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38 Self-perceived preparedness of new palliative medicine consultants
  1. Sarika Hanchanale1,
  2. Amara Nwosu1,2,3 and
  3. Jason Boland4
  1. 1Liverpool University Hospitals NHS Foundation Trust
  2. 2Marie Curie Hospice, Liverpool
  3. 3Lancaster University
  4. 4Hull York Medical School


Background Specialty trainees are expected to achieve multiple skills during training in preparation for a consultant role. However, evidence from many other specialties suggests that new consultants are less prepared in non-clinical skills.

Aim To identify if new UK palliative medicine consultants, within five years of their appointment, feel prepared in clinical and non-clinical skills after completing specialty training and the support available during the transition from trainee to consultant.

Method An online survey, using previous literature, pilot tested on multi-specialty consultants to test functionality. A five-point Likert scale to record various aspects of preparedness was used. The survey was distributed via the Association for Palliative Medicine email and social media. Ethics approval was obtained.

Results Forty-eight consultants completed the survey; 80% were female. 40% were in a consultant post for 1 year, 50% worked across multiple settings, 46% worked as a specialty doctor before training. The majority felt very or extremely prepared in clinical skills (71%), audit (84%), interaction with other colleagues (70%), time management (64%) and self-management (64%). 50% felt moderately prepared in Human Resources, 68% in organisation structure and 52% in leadership. The majority (70%) were not at all or slightly prepared in financial management. 50% reported being moderately and 43% slightly or not at all prepared in complaint management. Attendance at management and leadership course (68%) and management meetings (55%) were most useful to gain management experience. The majority (75%) found departmental colleagues gave the most support in stressful situations but only 7% had a formal mentor.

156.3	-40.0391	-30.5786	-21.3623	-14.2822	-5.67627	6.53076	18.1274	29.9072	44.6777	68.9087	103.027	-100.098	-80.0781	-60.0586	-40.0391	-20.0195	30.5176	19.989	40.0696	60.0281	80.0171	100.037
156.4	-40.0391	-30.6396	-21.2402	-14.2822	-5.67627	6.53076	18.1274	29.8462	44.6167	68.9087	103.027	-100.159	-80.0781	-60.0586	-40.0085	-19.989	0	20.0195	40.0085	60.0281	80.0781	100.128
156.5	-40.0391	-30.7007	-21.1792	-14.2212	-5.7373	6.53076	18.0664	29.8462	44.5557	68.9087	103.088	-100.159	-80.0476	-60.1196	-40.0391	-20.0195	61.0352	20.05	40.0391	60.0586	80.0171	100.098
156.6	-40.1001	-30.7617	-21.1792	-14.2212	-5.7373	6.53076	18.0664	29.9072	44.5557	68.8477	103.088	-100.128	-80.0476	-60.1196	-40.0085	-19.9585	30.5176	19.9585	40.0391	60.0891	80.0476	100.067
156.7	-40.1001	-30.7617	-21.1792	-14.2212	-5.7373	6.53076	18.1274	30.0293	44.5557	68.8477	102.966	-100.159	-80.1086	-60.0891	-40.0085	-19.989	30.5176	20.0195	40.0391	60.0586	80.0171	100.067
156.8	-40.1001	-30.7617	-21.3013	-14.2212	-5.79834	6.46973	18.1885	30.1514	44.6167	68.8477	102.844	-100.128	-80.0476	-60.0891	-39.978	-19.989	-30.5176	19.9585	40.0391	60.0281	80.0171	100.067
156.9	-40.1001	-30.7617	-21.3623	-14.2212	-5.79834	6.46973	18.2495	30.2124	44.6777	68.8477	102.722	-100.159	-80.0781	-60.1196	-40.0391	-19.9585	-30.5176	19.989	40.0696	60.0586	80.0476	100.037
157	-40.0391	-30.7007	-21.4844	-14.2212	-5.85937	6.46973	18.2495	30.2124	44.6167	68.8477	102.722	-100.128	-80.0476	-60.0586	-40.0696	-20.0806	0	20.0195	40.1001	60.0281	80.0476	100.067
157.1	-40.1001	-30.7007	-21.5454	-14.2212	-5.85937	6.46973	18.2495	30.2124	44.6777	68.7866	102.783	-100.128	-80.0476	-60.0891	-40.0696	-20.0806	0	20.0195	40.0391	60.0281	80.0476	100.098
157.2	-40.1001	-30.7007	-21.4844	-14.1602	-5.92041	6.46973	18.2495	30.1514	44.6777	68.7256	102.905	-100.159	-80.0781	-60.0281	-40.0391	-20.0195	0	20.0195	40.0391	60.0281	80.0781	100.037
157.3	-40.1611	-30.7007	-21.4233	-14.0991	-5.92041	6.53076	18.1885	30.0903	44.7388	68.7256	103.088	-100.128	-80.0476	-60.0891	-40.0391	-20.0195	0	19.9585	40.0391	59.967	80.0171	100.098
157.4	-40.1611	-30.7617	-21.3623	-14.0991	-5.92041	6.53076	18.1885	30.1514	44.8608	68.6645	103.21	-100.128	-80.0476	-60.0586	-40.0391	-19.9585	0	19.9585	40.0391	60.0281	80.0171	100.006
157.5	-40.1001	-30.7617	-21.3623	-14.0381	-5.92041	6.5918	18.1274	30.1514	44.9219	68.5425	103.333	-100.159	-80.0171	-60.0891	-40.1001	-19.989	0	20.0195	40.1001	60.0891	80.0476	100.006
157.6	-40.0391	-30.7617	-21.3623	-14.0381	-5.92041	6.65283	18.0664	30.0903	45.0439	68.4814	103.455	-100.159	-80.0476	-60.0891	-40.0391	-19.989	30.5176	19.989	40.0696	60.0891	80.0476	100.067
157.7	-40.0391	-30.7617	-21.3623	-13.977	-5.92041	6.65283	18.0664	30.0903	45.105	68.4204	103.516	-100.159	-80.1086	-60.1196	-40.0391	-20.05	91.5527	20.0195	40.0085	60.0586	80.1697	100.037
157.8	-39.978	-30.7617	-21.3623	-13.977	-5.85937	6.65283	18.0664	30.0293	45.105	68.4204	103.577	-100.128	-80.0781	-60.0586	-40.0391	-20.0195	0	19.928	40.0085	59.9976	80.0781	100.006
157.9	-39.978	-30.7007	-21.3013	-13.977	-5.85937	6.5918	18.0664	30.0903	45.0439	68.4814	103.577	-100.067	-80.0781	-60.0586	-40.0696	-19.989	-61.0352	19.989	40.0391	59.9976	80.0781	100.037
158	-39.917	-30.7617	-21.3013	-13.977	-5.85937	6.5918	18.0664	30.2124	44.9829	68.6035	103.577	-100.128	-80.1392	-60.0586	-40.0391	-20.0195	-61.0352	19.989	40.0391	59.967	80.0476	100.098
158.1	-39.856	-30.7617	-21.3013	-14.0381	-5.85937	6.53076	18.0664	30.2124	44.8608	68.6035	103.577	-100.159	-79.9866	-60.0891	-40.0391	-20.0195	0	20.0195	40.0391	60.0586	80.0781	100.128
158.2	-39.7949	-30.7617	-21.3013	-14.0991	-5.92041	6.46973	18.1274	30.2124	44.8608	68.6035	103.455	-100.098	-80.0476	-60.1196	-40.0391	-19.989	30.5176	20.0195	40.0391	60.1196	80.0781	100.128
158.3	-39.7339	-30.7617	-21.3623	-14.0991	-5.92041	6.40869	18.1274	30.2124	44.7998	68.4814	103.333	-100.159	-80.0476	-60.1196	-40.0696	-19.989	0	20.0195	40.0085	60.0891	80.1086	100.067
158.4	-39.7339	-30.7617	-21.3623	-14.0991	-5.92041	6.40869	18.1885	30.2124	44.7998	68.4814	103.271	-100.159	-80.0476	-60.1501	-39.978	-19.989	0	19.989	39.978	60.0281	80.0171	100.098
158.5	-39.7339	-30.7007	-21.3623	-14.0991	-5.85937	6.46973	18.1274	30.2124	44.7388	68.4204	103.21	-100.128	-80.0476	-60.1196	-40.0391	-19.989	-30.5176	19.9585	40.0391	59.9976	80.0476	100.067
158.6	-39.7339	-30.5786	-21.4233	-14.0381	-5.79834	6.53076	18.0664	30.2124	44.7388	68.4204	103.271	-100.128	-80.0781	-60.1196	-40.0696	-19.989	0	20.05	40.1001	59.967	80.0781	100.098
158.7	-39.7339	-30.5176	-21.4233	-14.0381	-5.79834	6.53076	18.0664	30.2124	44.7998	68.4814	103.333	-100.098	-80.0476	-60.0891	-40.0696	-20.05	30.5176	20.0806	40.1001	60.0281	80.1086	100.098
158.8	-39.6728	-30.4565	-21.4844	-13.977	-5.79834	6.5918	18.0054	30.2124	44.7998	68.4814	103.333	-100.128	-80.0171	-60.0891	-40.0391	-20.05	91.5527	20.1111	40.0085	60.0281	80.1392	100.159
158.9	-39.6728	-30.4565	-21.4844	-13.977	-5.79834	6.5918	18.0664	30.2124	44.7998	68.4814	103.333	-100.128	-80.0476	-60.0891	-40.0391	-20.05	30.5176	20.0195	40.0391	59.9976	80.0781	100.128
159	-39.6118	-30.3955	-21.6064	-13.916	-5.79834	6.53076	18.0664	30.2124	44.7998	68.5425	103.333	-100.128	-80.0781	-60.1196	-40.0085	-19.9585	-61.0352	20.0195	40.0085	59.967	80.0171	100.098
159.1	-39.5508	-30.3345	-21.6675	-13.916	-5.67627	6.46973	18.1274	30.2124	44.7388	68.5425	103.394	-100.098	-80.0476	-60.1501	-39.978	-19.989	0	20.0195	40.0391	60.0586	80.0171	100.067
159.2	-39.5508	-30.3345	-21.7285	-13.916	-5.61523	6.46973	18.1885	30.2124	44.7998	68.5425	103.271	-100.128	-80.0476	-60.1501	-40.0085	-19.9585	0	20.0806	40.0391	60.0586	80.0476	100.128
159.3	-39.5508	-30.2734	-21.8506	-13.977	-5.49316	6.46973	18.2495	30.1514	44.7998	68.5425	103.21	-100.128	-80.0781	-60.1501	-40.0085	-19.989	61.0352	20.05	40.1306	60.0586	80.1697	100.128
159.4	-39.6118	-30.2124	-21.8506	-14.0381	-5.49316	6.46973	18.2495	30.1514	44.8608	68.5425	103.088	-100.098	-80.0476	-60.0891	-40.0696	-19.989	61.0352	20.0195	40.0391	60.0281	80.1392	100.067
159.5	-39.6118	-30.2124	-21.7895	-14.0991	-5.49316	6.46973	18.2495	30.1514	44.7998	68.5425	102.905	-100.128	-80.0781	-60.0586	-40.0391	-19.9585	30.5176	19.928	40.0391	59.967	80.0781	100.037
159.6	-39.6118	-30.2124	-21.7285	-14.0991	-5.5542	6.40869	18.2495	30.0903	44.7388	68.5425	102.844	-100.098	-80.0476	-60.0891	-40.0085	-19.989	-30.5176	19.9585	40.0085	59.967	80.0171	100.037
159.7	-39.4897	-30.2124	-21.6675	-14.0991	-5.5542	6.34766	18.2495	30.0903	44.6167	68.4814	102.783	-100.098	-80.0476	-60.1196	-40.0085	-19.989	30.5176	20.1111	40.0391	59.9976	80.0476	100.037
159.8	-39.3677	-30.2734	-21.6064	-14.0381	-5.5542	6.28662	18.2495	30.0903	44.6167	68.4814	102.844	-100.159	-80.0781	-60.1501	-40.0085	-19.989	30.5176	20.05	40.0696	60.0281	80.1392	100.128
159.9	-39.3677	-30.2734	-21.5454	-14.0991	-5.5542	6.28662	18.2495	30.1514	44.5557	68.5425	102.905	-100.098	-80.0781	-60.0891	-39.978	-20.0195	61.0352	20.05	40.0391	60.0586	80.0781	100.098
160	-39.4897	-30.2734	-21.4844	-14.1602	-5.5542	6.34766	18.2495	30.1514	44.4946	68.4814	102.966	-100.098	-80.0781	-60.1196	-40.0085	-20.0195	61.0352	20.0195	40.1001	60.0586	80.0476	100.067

Conclusion Palliative Medicine consultants may require support with the non-clinical aspects of their role, such as management of complaints, finances and mentorship. This is consistent with findings from other specialties. Future research should identify how trainees should be supported in these areas, especially with changes to speciality training; ‘Shape of training’.

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